The first option, known as Kahika, is about updating governance and administration and the Maori Community Development Act to better reflect the roles and functions of wardens.

Option B, Pohutukawa, is looking at the new Maori Wardens Act to provide greater operational control by Maori wardens.

The final option, or Tikouka, is looking at wardens establishing their own governance and operational structure, and looking after their own affairs outside of legislation.

The consultation hui was held in the build-up to a Maori wardens national hui in July, where the options will be discussed further.

The modernisation of Maori wardens is the focus of a series of nationwide consultation hui with the latest held in Gisborne this week.

Te Puni Kokiri, the Ministry of Maori Development, is running the hui and met with Tairawhiti Maori Wardens and NZ Police to discuss the modernisation and future aspirations of the organisation.

Tairawhiti Maori Wardens chairwoman Marama “Bub” Apelu said it was timely to consider what the future for Maori wardens could look like.

“Where do we want to see ourselves in the future?” she said. “We’re addressing some of the needs that we have here in Tairawhiti.”

The main concern was succession, she said.

“We have a lot of elderly wardens and our korero has been around how we replace them and how our older wardens maintain a presence in the wardenship and grow it.

“Our part in it is having our voices heard. We held a Tairawhiti strategic planning hui a few weeks ago, based on the needs we see in our own rohe.

“We’re determined to have a structure that works for us in Tairawhiti. We can’t speak for everyone else but focus on what is good for us in our rohe.”

Maori Wardens was formally established in the 1940s to manage the behaviour of Maori under the influence of alcohol.

Their role has evolved to meet the changing needs of whanau and communities to include supporting the homeless, encouraging rangatahi, providing community reassurance, facilitating hui between whanau and schools, providing event management and security, and facilitating youth at risk programmes.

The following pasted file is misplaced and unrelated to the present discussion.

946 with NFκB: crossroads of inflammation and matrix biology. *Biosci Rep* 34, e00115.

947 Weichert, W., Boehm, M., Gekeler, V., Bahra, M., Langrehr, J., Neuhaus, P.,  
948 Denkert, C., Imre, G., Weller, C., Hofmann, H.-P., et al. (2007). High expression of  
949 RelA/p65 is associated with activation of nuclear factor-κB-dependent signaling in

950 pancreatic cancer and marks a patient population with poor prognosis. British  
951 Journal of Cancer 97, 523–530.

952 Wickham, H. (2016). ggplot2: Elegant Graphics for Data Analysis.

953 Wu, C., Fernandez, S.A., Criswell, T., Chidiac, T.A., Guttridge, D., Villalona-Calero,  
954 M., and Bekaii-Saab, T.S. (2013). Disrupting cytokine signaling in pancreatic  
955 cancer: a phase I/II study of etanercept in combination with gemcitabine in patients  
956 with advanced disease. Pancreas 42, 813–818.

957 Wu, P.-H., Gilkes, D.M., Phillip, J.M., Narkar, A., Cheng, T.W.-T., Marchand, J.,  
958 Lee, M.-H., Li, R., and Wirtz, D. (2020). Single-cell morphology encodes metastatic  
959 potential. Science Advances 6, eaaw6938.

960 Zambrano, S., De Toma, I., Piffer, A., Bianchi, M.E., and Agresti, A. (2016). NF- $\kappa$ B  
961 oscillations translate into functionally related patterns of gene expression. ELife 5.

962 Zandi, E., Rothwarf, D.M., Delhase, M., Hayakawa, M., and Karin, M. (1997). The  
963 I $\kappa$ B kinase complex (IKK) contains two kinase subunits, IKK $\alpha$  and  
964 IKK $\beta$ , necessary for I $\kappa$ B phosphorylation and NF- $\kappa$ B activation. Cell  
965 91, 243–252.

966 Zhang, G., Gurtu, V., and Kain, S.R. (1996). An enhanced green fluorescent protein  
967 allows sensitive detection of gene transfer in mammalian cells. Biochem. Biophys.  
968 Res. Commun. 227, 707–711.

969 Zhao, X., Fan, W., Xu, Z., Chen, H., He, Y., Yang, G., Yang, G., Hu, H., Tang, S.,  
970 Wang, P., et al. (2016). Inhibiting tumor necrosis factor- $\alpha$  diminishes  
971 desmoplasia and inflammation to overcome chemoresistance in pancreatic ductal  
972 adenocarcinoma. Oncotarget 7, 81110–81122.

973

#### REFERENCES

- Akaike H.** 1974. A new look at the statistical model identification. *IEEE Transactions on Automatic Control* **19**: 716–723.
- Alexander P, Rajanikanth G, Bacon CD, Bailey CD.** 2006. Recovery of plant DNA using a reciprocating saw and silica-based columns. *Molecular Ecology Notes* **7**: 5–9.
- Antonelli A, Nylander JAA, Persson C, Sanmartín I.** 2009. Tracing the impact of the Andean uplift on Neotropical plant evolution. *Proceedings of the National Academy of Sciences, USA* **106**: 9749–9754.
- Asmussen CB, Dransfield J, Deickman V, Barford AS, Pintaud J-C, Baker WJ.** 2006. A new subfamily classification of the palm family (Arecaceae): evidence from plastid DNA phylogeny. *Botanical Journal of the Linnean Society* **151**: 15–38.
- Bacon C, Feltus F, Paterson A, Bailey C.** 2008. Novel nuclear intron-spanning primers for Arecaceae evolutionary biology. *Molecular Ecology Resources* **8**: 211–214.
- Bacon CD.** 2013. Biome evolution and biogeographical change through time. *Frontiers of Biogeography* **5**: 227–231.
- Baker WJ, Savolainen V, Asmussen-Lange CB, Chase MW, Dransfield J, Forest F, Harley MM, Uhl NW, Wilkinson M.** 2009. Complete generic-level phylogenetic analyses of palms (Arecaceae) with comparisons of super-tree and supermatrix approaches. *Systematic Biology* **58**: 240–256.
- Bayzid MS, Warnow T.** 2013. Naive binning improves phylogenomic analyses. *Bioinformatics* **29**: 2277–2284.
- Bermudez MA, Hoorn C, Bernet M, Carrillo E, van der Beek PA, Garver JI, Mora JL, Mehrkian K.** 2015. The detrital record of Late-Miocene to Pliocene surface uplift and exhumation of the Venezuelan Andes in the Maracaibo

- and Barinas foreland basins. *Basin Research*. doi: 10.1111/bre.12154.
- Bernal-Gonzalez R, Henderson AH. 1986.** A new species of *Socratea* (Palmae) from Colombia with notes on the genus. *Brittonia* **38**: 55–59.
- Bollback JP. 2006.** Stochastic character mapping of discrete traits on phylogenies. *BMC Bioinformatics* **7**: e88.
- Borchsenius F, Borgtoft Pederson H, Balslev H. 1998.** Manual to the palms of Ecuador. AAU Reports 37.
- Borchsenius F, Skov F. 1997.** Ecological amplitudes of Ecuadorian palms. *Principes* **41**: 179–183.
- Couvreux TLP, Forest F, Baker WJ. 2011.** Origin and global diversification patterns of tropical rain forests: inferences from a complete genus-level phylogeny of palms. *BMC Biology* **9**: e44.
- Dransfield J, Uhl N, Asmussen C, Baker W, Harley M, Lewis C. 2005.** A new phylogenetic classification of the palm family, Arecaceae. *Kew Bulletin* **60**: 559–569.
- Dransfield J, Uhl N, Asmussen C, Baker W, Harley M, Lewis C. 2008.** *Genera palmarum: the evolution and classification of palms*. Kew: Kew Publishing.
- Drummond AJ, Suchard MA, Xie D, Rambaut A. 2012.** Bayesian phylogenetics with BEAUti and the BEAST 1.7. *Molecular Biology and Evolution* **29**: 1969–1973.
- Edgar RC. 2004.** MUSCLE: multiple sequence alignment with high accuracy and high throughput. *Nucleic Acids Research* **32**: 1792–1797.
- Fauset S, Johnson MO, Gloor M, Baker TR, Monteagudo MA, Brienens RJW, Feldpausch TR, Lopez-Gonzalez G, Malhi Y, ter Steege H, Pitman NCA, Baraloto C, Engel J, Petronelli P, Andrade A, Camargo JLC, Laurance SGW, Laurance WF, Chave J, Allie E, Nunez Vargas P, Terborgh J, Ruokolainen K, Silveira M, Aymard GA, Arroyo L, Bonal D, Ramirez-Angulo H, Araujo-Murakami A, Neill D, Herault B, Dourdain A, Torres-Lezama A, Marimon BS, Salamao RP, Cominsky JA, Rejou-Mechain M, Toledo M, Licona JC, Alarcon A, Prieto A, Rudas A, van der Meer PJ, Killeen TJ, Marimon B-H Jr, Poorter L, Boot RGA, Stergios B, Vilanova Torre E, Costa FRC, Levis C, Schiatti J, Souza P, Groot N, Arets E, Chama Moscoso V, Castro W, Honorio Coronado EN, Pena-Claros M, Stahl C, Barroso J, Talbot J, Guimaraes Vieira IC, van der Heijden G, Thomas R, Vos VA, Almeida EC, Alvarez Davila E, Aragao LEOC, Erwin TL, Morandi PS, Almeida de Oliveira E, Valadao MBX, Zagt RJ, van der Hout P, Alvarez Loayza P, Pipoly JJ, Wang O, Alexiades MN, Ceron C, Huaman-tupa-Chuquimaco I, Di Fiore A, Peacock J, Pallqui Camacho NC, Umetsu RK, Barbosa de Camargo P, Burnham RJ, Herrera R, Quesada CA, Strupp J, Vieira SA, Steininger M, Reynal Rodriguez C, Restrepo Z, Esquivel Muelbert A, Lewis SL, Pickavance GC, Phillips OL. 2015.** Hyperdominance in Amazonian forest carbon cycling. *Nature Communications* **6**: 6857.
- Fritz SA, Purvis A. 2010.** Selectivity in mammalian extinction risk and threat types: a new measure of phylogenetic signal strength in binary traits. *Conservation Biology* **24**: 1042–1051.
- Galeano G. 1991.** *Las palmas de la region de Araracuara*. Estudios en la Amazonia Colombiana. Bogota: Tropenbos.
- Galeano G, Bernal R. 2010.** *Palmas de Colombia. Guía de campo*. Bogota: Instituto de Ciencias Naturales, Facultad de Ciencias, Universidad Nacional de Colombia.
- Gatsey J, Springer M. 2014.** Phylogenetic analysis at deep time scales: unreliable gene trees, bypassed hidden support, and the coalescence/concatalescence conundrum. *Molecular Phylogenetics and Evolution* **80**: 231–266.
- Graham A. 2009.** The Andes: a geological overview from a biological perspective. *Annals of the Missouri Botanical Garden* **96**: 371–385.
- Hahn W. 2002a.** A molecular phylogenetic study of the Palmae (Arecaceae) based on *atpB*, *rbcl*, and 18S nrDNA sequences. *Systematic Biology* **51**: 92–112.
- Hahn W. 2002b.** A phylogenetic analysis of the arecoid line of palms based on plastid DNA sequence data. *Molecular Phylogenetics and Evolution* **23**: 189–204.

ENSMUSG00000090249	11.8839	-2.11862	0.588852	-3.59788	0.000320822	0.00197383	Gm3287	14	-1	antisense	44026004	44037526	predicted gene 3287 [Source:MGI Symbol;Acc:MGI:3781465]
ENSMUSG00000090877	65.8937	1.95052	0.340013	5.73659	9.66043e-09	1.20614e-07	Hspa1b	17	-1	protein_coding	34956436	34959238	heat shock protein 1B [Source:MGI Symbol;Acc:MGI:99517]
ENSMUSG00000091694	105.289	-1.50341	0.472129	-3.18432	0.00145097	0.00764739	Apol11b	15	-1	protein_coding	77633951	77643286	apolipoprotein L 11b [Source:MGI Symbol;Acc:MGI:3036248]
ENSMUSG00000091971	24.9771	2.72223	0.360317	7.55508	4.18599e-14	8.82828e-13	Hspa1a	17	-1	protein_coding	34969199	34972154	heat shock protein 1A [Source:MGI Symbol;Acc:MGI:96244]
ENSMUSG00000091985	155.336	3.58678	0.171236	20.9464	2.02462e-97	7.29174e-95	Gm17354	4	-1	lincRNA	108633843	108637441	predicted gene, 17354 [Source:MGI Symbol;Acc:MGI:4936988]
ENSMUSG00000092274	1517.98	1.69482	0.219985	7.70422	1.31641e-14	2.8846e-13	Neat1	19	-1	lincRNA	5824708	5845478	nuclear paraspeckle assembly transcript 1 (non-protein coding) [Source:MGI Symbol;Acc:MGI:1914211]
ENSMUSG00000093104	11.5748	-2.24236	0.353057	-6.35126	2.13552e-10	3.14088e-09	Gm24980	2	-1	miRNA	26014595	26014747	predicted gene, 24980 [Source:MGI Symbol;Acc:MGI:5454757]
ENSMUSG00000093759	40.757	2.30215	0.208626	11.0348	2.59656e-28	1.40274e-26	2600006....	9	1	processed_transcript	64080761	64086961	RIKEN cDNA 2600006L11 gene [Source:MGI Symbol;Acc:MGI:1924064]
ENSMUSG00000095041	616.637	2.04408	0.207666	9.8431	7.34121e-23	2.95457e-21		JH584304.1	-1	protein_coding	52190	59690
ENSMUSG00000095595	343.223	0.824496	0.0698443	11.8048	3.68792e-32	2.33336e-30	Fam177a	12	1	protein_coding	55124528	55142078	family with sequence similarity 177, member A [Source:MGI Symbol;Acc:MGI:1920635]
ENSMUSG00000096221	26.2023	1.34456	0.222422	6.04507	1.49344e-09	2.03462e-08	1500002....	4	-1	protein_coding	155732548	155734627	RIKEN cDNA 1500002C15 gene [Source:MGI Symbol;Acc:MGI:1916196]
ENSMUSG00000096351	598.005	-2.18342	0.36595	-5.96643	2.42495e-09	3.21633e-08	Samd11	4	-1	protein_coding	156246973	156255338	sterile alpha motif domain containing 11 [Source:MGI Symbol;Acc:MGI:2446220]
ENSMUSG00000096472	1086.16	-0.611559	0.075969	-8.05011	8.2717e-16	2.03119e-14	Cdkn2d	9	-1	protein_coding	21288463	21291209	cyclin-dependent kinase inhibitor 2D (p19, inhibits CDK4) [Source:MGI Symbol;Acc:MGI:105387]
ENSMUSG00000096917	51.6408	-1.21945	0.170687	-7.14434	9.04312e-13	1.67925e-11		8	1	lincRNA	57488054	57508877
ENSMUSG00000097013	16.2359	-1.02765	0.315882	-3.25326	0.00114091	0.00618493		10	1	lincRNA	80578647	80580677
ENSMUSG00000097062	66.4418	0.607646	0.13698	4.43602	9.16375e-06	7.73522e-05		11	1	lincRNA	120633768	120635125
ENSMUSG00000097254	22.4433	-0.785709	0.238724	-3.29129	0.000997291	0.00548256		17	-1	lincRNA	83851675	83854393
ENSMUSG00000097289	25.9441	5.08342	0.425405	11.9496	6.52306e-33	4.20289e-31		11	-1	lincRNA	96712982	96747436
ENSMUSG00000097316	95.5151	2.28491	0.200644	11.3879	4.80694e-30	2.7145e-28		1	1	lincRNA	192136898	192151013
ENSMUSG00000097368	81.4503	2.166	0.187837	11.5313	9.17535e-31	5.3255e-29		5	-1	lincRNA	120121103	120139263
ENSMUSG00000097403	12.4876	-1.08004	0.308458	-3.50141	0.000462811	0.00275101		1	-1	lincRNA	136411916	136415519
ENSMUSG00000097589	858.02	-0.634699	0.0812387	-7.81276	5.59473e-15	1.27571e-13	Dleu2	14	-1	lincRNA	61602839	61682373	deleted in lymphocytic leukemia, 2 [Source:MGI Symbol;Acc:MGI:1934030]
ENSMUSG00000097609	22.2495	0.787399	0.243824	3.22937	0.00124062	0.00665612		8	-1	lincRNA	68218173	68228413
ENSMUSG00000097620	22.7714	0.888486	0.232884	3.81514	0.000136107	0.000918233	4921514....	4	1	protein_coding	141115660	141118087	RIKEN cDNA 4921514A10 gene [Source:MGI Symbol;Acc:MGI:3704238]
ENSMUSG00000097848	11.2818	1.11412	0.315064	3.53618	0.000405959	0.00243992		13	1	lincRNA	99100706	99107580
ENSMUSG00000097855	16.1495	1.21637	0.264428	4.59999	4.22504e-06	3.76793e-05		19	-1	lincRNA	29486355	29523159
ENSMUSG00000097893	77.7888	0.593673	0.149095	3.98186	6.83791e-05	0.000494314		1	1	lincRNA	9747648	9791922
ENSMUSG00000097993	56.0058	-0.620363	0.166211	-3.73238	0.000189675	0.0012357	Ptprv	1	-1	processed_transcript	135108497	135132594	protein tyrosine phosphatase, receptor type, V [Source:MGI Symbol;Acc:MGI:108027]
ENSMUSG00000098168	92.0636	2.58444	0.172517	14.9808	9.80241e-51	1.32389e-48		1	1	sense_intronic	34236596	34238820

“Poverty, homelessness and housing are some of the issues we are concerned about,” said Mrs Apelu.

“We have the same problems that other areas have but we may deal with them differently.

“We love the support that we have within our own rohe . . . our watene (wardens) are finding their own solutions to deal with the issues we have here.”

The general public did not always see the type of work Maori wardens do, she said.

“The warden role is so diverse. We don’t want to just be seen as people called upon as ushers when there is a big hui or event. We are very community-focused. For example, we have younger ones that are coming on board and some of them are young mums with a passion to provide support to other young mothers.

“We are also focusing on developing our watene on the marae and strengthening them within their own rohe. That’s a key goal.”

At the hui. Maori warden groups shared their aspirations to be more independent and in control of their own affairs

Three main options were discussed.

The first option, known as Kahika, is about updating governance and administration and the Maori Community Development Act to better reflect the roles and functions of wardens.

Option B, Pohutukawa, is looking at the new Maori Wardens Act to provide greater operational control by Maori wardens.

The final option, or Tikouka, is looking at wardens establishing their own governance and operational structure, and looking after their own affairs outside of legislation.

The consultation hui was held in the build-up to a Maori wardens national hui in July, where the options will be discussed further.